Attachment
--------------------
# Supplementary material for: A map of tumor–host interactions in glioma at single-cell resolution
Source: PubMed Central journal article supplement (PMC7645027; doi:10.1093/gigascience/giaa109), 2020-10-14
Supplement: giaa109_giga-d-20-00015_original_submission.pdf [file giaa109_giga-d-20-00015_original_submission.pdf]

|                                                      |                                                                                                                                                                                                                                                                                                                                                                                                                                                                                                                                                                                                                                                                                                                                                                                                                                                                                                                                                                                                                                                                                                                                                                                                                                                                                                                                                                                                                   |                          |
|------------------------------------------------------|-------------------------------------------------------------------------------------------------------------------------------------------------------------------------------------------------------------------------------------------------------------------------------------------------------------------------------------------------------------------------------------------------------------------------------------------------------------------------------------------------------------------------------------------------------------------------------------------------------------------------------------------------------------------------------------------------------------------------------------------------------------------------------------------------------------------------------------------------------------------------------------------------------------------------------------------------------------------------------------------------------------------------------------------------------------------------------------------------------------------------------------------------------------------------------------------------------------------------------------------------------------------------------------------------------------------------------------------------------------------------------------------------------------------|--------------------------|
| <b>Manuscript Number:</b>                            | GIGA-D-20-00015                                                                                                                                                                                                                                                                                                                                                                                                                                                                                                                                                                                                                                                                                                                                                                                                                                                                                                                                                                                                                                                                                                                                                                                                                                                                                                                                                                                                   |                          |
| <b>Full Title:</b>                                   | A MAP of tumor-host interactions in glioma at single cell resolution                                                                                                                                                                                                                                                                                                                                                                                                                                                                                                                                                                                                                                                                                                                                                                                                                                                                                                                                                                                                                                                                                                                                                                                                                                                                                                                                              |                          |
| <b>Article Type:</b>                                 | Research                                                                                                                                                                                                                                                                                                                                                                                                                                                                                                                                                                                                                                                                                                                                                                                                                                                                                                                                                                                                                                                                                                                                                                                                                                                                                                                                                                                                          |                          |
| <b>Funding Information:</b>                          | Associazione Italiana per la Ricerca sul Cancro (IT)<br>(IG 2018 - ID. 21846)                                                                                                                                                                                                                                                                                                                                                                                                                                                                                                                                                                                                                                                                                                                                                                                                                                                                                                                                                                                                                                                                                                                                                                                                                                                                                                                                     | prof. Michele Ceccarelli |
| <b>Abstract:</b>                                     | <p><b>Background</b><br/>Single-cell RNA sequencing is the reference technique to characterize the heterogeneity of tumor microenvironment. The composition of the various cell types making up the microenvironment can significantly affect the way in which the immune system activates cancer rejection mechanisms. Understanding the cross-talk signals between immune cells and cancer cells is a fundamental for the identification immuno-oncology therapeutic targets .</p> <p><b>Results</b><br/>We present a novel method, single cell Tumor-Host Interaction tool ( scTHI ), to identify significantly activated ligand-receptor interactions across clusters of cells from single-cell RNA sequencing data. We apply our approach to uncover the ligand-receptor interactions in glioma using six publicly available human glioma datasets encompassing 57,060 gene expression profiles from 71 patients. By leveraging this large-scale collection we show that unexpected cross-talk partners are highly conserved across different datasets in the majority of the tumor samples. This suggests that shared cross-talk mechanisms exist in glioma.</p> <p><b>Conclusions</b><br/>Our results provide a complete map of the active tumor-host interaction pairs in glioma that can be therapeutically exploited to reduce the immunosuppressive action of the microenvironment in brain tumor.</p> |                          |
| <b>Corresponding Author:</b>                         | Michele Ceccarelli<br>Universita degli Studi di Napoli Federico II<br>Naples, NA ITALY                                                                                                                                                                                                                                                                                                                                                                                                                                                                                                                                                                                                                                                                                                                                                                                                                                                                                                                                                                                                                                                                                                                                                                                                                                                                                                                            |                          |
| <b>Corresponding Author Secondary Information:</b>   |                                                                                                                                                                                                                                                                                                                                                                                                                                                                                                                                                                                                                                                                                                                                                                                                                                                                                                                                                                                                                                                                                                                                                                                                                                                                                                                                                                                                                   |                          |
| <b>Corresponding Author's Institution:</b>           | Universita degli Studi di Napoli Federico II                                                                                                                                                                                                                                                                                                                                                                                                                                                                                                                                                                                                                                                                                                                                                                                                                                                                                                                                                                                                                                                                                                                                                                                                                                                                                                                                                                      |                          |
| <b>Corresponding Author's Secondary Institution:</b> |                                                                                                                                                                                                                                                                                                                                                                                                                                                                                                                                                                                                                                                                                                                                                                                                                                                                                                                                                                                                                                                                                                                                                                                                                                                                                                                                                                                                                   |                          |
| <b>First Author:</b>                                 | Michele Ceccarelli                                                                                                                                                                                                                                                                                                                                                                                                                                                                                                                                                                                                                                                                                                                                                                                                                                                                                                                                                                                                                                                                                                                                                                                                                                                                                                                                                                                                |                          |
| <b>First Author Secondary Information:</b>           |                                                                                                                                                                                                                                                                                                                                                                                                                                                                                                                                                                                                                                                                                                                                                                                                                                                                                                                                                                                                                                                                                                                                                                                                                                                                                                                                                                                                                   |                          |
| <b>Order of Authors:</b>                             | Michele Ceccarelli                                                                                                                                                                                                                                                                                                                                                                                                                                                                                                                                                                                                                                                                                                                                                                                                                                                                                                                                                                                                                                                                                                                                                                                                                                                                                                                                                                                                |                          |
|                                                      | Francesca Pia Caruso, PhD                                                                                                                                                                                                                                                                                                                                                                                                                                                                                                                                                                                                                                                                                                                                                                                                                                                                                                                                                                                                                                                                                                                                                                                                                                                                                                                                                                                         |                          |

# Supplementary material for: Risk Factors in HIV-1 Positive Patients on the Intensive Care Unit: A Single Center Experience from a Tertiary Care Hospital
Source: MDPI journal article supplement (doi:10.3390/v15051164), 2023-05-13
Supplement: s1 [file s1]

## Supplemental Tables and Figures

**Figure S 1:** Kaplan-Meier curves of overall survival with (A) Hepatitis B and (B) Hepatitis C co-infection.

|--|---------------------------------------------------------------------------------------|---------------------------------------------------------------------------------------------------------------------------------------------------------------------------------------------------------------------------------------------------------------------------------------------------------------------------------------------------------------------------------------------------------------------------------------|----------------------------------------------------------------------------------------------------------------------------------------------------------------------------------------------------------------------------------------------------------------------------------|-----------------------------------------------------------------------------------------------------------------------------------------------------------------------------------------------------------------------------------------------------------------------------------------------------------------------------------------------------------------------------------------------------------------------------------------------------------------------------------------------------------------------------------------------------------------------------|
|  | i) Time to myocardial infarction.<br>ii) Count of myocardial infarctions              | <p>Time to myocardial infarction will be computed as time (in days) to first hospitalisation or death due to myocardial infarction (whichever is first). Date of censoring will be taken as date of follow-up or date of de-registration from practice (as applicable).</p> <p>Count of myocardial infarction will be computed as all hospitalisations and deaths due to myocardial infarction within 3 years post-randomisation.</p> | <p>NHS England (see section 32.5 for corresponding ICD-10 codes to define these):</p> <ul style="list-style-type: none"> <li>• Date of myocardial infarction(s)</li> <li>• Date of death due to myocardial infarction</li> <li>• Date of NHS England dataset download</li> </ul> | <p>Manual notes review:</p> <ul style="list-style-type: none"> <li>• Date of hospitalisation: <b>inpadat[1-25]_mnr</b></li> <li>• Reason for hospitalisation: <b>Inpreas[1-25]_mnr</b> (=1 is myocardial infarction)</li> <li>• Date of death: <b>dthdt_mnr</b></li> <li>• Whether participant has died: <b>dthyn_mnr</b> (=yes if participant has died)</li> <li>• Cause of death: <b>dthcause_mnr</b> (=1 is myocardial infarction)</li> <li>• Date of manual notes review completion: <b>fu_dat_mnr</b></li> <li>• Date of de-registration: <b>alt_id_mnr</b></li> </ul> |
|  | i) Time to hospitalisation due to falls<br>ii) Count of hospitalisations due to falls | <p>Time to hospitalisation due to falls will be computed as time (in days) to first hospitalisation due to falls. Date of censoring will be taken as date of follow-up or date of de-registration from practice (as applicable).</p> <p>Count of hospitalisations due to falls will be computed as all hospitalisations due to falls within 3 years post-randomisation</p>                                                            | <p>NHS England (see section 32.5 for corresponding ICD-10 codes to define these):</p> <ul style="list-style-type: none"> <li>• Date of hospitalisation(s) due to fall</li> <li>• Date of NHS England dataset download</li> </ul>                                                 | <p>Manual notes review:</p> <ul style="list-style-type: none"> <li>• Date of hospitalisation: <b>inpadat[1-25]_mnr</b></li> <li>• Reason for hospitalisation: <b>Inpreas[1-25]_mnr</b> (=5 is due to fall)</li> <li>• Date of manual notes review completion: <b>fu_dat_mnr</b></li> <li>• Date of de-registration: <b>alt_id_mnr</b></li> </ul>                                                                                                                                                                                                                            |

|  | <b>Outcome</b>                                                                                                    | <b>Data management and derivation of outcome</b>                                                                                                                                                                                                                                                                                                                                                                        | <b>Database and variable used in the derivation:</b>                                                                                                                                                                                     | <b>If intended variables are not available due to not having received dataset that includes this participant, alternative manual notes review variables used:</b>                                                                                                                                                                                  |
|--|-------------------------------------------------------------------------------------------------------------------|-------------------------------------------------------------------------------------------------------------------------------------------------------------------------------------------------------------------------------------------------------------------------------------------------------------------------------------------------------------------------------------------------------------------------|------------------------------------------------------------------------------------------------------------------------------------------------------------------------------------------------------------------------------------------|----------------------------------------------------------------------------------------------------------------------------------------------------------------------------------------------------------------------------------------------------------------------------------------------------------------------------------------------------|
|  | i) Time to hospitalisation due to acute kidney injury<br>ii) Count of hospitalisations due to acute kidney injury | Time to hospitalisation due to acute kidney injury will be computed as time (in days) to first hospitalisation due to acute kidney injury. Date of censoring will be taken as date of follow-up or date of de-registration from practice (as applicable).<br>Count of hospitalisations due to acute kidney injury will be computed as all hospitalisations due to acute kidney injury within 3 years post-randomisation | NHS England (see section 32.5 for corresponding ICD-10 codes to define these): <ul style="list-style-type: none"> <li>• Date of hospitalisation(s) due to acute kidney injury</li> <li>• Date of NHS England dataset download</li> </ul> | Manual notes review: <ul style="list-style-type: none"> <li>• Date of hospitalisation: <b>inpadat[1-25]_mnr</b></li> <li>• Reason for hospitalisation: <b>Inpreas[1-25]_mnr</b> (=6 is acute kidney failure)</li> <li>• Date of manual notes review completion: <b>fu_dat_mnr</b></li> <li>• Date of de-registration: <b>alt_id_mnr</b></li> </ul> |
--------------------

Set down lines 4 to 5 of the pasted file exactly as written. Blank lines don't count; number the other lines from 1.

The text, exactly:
|                                                      |                                                                                                                                                                                                                                                                                                                                                                                                                                                                                                                                                                                                                                                                                                                                                                                                                                                                                                                                                                                                                                                                                                                                                                                                                                                                                                                                                                                                                   |                          |
|------------------------------------------------------|-------------------------------------------------------------------------------------------------------------------------------------------------------------------------------------------------------------------------------------------------------------------------------------------------------------------------------------------------------------------------------------------------------------------------------------------------------------------------------------------------------------------------------------------------------------------------------------------------------------------------------------------------------------------------------------------------------------------------------------------------------------------------------------------------------------------------------------------------------------------------------------------------------------------------------------------------------------------------------------------------------------------------------------------------------------------------------------------------------------------------------------------------------------------------------------------------------------------------------------------------------------------------------------------------------------------------------------------------------------------------------------------------------------------|--------------------------|